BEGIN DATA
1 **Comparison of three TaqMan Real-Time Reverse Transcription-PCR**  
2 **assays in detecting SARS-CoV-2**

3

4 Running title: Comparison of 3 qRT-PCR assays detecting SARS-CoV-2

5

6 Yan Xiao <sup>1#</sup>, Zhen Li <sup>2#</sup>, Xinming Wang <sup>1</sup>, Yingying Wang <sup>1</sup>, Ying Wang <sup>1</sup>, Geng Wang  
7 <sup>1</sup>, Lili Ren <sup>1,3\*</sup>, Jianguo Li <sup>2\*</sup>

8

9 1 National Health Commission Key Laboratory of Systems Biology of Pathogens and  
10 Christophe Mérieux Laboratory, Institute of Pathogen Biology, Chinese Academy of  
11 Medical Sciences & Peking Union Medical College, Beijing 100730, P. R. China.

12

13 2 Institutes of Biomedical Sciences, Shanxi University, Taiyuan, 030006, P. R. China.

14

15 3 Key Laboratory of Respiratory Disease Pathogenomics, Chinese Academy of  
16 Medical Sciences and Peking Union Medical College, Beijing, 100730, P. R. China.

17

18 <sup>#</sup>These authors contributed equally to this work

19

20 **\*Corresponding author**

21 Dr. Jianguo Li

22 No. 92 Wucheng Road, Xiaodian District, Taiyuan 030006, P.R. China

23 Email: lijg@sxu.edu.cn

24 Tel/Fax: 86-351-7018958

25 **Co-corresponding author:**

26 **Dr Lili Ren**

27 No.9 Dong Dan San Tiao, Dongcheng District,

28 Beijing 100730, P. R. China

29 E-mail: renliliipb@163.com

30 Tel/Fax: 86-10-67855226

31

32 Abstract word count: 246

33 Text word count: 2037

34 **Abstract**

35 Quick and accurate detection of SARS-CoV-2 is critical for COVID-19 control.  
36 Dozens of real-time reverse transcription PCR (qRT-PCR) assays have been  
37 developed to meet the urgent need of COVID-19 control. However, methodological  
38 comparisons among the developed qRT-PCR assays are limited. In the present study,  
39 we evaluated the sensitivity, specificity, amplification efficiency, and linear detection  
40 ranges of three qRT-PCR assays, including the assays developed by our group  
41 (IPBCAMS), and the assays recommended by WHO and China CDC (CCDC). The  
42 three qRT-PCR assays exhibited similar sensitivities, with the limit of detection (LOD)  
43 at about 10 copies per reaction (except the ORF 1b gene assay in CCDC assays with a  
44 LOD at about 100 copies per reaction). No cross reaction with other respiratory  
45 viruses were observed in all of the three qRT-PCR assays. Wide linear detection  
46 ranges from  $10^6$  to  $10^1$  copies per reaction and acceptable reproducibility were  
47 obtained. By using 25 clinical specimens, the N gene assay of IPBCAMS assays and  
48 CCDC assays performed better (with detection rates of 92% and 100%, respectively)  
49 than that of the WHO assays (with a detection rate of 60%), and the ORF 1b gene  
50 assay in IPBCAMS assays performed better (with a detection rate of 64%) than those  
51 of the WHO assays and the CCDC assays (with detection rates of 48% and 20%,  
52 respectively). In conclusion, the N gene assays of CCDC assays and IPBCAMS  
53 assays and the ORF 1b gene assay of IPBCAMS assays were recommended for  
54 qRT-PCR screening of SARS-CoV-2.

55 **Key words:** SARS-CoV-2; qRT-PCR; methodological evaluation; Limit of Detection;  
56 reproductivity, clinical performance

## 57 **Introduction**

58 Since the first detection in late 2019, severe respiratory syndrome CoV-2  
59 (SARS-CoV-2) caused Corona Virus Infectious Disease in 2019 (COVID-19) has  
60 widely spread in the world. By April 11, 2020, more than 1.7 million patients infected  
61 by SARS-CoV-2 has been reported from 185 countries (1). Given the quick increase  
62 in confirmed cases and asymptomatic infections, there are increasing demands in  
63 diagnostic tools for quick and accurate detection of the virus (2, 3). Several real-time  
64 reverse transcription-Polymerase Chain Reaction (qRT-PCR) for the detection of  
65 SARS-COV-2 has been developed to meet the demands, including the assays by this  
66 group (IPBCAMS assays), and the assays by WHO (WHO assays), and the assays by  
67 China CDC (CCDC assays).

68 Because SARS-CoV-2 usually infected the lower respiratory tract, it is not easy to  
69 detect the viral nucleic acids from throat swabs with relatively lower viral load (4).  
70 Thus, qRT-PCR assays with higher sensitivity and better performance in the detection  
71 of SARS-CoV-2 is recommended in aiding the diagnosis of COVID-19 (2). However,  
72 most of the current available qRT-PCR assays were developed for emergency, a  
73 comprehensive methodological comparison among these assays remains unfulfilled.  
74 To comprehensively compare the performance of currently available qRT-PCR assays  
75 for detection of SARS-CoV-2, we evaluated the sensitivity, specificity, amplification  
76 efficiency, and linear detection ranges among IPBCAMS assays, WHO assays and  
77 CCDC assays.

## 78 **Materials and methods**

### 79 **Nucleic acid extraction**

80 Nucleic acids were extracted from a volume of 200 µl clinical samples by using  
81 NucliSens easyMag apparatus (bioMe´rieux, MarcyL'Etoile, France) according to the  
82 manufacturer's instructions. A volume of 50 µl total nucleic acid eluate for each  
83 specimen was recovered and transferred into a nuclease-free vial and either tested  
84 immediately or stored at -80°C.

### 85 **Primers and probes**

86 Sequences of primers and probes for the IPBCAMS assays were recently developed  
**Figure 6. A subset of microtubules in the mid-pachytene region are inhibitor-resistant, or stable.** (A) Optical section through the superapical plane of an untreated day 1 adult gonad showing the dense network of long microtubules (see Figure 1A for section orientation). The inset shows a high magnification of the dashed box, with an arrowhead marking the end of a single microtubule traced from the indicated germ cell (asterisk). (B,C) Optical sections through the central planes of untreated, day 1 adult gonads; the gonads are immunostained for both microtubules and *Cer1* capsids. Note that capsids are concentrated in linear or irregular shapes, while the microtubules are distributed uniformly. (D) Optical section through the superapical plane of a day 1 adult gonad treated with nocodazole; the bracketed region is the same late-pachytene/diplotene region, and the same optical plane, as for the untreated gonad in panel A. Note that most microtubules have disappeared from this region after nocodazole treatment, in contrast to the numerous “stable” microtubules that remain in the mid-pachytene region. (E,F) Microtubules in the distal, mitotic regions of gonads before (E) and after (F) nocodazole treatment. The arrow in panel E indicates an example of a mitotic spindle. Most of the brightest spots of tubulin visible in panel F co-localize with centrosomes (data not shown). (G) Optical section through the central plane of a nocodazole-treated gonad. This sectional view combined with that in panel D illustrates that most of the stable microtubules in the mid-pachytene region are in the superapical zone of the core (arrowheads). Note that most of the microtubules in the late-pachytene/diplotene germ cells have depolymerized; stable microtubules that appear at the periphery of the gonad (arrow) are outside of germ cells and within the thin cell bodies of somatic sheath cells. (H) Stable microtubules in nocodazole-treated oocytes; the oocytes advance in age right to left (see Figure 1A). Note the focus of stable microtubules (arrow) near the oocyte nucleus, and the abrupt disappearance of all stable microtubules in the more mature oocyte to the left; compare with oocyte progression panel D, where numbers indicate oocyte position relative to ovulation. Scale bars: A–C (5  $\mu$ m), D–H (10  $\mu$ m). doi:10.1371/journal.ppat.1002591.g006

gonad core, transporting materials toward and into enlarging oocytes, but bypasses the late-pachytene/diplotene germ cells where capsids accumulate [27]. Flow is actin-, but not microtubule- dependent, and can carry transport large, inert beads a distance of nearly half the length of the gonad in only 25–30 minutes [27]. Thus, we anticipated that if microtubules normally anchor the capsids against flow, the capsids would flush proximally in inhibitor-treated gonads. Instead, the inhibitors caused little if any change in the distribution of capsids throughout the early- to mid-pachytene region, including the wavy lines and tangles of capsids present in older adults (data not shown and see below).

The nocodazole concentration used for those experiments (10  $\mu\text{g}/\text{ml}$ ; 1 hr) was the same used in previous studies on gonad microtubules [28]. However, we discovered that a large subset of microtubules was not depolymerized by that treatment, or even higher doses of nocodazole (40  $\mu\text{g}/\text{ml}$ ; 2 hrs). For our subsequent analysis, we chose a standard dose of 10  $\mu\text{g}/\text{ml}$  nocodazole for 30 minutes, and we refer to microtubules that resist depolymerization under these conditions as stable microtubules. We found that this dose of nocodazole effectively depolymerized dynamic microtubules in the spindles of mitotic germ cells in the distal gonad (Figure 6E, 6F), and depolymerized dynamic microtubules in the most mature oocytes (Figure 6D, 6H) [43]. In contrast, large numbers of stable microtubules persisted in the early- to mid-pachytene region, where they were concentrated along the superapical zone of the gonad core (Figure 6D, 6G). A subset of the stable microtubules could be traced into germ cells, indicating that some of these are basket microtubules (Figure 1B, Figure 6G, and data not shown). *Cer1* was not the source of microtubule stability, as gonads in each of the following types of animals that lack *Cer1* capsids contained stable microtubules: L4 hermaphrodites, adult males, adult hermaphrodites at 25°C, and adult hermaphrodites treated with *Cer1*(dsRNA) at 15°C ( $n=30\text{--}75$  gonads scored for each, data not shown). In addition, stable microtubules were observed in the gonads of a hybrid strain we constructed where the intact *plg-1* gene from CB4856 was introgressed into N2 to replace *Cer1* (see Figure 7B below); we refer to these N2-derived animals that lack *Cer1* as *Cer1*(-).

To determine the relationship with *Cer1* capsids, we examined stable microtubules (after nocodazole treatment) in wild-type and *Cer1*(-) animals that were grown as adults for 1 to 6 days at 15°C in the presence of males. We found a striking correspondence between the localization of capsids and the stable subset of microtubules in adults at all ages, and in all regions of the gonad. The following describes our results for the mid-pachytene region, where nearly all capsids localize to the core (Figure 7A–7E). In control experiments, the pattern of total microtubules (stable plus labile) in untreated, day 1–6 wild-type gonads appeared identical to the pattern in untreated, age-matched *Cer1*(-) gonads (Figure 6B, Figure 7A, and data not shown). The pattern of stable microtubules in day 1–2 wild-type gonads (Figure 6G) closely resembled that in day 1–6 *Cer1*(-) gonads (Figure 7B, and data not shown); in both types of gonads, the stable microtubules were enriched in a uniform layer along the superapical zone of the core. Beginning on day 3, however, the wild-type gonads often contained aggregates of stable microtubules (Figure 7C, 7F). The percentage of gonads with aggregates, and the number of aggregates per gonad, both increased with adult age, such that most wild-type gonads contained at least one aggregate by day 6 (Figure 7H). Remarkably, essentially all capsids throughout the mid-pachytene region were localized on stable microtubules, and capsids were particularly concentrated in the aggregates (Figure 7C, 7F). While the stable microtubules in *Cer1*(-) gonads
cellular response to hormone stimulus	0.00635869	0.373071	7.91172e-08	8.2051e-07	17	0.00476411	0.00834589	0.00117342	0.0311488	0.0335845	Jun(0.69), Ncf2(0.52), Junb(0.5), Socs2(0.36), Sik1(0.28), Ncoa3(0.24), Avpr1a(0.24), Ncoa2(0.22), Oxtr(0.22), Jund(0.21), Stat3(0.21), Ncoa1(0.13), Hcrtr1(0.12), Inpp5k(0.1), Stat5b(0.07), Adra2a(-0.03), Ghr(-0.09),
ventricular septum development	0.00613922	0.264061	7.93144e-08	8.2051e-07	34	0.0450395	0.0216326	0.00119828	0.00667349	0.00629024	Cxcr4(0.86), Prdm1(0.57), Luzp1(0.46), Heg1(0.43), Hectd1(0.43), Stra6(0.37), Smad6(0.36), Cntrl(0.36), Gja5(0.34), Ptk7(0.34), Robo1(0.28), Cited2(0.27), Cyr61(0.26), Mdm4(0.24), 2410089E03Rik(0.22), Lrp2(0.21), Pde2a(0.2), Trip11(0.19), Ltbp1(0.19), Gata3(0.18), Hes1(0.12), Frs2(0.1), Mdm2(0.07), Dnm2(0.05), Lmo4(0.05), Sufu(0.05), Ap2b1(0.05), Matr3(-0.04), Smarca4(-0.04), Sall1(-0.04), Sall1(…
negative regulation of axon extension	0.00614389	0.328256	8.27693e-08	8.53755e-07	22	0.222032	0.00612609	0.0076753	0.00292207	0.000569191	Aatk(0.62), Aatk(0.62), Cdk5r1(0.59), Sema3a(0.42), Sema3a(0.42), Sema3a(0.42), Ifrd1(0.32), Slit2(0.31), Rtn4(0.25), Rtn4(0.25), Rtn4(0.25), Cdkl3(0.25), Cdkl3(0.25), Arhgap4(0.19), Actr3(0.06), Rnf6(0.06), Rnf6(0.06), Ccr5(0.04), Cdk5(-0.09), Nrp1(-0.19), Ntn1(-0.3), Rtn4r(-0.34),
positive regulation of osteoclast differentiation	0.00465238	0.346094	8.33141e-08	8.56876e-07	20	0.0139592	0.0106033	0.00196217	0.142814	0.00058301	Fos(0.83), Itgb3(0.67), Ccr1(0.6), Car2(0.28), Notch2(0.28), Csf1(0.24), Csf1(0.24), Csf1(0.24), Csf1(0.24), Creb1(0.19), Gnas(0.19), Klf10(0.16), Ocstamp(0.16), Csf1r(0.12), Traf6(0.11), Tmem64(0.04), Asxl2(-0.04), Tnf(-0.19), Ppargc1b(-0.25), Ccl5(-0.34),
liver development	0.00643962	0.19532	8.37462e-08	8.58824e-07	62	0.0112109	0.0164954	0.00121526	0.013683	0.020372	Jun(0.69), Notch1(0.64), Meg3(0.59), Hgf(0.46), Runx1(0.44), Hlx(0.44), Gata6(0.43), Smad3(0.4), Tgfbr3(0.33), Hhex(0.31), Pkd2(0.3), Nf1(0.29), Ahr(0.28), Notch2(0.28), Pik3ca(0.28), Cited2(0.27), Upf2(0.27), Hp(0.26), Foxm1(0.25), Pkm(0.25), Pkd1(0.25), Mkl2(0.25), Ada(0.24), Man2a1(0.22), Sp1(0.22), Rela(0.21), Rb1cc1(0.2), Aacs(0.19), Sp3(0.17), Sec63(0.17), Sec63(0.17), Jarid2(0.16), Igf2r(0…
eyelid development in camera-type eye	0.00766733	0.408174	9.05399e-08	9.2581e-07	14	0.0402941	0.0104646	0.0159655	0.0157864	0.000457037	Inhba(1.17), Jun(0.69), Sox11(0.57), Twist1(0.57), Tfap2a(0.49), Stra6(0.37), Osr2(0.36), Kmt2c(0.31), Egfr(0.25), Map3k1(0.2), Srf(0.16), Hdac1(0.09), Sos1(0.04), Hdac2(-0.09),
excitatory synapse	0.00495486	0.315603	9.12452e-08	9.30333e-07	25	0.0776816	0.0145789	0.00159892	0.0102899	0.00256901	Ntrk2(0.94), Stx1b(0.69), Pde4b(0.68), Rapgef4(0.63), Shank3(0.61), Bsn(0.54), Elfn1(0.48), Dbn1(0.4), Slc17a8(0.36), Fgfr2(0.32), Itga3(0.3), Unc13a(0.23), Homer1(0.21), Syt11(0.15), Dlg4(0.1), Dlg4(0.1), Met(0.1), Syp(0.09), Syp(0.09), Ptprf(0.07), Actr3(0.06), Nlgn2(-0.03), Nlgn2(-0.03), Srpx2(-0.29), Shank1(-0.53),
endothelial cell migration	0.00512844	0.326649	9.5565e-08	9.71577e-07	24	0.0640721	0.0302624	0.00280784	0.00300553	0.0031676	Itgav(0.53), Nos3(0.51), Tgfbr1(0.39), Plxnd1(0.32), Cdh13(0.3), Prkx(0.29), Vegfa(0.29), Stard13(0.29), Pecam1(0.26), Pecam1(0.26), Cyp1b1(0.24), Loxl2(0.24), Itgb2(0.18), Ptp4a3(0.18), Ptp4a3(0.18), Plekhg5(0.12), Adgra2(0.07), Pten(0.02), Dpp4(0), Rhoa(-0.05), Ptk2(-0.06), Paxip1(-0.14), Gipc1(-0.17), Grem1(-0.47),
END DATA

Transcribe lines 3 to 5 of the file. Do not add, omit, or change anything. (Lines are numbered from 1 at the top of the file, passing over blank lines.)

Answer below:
3

4 Running title: Comparison of 3 qRT-PCR assays detecting SARS-CoV-2

5